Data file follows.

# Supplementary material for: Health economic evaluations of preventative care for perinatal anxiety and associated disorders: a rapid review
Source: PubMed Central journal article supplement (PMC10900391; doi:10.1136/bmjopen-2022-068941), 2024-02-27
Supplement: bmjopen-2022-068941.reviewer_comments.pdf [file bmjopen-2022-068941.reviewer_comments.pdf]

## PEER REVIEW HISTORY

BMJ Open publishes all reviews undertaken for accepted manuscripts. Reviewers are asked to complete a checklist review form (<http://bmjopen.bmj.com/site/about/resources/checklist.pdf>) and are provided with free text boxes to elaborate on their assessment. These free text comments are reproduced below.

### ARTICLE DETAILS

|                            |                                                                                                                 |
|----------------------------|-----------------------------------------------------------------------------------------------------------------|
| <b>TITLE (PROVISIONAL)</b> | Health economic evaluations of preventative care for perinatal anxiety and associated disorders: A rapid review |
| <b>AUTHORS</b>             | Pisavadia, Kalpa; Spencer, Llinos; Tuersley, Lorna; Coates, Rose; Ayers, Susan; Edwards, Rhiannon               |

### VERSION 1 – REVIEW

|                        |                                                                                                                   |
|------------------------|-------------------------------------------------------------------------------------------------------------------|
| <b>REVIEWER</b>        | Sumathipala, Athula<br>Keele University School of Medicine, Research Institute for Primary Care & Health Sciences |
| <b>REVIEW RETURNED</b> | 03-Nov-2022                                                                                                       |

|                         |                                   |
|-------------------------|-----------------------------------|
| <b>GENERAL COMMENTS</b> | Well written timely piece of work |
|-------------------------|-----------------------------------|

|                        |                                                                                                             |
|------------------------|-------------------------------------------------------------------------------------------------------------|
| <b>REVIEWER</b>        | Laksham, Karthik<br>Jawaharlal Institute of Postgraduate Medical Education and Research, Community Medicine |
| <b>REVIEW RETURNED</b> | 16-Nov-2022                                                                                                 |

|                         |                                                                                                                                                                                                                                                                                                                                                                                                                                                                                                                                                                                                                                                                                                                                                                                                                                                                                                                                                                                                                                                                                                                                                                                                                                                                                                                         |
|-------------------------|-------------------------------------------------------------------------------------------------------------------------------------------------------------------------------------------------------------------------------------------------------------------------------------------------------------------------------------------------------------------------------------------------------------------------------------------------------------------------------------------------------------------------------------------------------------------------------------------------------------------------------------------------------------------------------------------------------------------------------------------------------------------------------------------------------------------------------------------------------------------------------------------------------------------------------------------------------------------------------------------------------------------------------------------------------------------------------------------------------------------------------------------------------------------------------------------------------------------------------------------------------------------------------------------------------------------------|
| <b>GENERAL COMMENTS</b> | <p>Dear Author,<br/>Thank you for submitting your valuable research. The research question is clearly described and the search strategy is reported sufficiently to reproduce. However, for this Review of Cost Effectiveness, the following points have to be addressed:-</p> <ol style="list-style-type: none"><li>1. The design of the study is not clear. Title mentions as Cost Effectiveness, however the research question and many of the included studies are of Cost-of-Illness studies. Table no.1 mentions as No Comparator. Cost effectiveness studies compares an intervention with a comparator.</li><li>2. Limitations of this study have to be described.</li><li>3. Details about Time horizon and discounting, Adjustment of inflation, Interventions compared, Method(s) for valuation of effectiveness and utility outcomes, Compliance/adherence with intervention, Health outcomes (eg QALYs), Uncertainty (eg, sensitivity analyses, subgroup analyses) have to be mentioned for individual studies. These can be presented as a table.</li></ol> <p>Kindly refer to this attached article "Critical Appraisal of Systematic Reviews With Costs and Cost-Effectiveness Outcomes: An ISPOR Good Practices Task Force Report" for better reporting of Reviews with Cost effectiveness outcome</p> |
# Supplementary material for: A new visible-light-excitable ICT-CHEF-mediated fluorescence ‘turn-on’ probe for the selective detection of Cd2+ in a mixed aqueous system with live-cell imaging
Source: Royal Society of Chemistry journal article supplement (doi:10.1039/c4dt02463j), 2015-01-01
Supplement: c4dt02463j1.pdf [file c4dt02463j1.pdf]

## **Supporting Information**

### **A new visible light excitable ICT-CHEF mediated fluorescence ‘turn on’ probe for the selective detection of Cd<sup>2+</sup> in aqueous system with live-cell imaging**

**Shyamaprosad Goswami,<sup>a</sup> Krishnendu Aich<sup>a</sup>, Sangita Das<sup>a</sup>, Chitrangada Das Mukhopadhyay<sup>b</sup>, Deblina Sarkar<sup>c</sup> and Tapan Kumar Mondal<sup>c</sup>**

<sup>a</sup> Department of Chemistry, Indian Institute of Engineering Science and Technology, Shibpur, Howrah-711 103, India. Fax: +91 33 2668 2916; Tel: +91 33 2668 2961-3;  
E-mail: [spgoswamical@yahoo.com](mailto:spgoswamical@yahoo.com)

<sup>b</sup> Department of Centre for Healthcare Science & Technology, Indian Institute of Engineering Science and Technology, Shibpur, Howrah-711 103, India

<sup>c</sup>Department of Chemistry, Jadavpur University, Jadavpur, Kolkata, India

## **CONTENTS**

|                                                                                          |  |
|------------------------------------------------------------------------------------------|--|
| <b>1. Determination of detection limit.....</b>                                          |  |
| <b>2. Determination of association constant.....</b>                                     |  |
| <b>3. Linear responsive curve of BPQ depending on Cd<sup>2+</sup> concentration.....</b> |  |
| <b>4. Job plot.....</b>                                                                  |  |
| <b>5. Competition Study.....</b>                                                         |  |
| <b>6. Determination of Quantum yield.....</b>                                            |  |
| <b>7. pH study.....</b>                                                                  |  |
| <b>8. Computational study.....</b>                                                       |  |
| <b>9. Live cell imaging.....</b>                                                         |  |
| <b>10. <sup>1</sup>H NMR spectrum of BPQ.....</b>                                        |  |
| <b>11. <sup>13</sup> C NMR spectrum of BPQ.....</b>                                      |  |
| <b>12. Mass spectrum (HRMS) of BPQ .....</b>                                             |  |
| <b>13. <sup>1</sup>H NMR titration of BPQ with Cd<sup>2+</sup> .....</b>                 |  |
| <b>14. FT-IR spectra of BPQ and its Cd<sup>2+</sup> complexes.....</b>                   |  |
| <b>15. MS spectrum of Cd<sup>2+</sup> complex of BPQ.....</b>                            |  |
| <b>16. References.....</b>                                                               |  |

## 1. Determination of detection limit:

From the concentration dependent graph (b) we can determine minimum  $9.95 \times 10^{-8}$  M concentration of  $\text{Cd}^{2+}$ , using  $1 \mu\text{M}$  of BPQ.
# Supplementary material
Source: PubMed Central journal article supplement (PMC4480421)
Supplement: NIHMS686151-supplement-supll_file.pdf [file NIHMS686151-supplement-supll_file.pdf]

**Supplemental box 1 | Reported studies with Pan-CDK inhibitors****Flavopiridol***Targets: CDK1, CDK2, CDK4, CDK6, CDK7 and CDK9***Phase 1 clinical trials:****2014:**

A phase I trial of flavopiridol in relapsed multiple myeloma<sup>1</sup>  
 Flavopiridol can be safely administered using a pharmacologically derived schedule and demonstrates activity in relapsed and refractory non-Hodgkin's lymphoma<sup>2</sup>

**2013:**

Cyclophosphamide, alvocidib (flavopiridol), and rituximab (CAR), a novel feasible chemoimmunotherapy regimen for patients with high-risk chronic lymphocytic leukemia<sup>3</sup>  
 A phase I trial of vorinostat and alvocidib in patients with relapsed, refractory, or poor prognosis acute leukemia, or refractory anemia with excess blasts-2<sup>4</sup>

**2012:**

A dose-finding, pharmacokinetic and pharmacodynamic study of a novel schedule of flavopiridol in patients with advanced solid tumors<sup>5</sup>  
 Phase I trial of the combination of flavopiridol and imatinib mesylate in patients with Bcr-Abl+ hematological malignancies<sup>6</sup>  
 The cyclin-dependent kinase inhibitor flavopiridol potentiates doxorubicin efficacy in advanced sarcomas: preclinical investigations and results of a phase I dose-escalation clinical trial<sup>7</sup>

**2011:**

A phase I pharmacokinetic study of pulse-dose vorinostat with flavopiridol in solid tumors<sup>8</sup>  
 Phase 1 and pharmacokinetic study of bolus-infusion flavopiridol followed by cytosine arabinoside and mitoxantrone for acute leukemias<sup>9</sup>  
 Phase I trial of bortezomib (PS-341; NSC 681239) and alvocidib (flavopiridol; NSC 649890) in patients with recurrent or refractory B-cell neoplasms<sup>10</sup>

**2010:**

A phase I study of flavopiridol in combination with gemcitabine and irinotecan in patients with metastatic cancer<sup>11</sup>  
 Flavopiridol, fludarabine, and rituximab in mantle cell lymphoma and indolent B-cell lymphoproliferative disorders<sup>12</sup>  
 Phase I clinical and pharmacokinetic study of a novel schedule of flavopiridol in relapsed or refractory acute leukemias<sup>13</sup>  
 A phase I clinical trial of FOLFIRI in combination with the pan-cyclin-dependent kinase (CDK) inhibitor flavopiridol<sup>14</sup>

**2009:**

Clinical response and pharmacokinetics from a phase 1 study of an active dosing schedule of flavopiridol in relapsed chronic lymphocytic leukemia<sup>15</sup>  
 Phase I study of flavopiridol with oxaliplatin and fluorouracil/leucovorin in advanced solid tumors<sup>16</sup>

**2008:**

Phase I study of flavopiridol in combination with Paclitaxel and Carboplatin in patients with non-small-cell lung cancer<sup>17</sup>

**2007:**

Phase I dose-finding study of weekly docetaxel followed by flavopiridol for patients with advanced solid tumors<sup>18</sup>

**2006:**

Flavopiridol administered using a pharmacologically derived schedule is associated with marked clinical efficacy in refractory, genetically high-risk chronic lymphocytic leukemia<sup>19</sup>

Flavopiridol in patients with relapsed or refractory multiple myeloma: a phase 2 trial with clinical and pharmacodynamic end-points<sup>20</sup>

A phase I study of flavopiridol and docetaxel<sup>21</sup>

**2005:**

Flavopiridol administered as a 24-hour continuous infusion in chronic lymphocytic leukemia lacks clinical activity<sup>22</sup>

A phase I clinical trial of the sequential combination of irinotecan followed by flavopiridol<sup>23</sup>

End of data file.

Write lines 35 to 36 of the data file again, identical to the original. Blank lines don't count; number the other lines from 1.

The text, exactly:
<sup>b</sup> Department of Centre for Healthcare Science & Technology, Indian Institute of Engineering Science and Technology, Shibpur, Howrah-711 103, India

<sup>c</sup>Department of Chemistry, Jadavpur University, Jadavpur, Kolkata, India